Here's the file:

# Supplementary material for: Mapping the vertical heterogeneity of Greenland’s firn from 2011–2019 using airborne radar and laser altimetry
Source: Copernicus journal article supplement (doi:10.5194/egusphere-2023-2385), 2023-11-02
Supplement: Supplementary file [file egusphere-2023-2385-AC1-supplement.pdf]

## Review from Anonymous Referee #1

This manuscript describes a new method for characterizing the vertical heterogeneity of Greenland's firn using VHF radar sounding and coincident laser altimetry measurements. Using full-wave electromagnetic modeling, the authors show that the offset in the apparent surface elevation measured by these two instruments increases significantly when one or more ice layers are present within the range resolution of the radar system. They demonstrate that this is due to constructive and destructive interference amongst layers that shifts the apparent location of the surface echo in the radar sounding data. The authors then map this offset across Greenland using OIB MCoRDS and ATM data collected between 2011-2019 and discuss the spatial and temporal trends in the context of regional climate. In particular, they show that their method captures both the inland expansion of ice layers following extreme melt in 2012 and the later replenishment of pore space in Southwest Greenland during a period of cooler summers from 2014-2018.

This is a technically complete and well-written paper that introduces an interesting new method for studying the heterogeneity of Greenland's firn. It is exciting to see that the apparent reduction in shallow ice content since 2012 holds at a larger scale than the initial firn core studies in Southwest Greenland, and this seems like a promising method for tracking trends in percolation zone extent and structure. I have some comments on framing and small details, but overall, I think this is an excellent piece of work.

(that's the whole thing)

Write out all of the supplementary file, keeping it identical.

# Supplementary material for: Mapping the vertical heterogeneity of Greenland’s firn from 2011–2019 using airborne radar and laser altimetry
Source: Copernicus journal article supplement (doi:10.5194/egusphere-2023-2385), 2023-11-02
Supplement: Supplementary file [file egusphere-2023-2385-AC1-supplement.pdf]

## Review from Anonymous Referee #1

This manuscript describes a new method for characterizing the vertical heterogeneity of Greenland's firn using VHF radar sounding and coincident laser altimetry measurements. Using full-wave electromagnetic modeling, the authors show that the offset in the apparent surface elevation measured by these two instruments increases significantly when one or more ice layers are present within the range resolution of the radar system. They demonstrate that this is due to constructive and destructive interference amongst layers that shifts the apparent location of the surface echo in the radar sounding data. The authors then map this offset across Greenland using OIB MCoRDS and ATM data collected between 2011-2019 and discuss the spatial and temporal trends in the context of regional climate. In particular, they show that their method captures both the inland expansion of ice layers following extreme melt in 2012 and the later replenishment of pore space in Southwest Greenland during a period of cooler summers from 2014-2018.

This is a technically complete and well-written paper that introduces an interesting new method for studying the heterogeneity of Greenland's firn. It is exciting to see that the apparent reduction in shallow ice content since 2012 holds at a larger scale than the initial firn core studies in Southwest Greenland, and this seems like a promising method for tracking trends in percolation zone extent and structure. I have some comments on framing and small details, but overall, I think this is an excellent piece of work.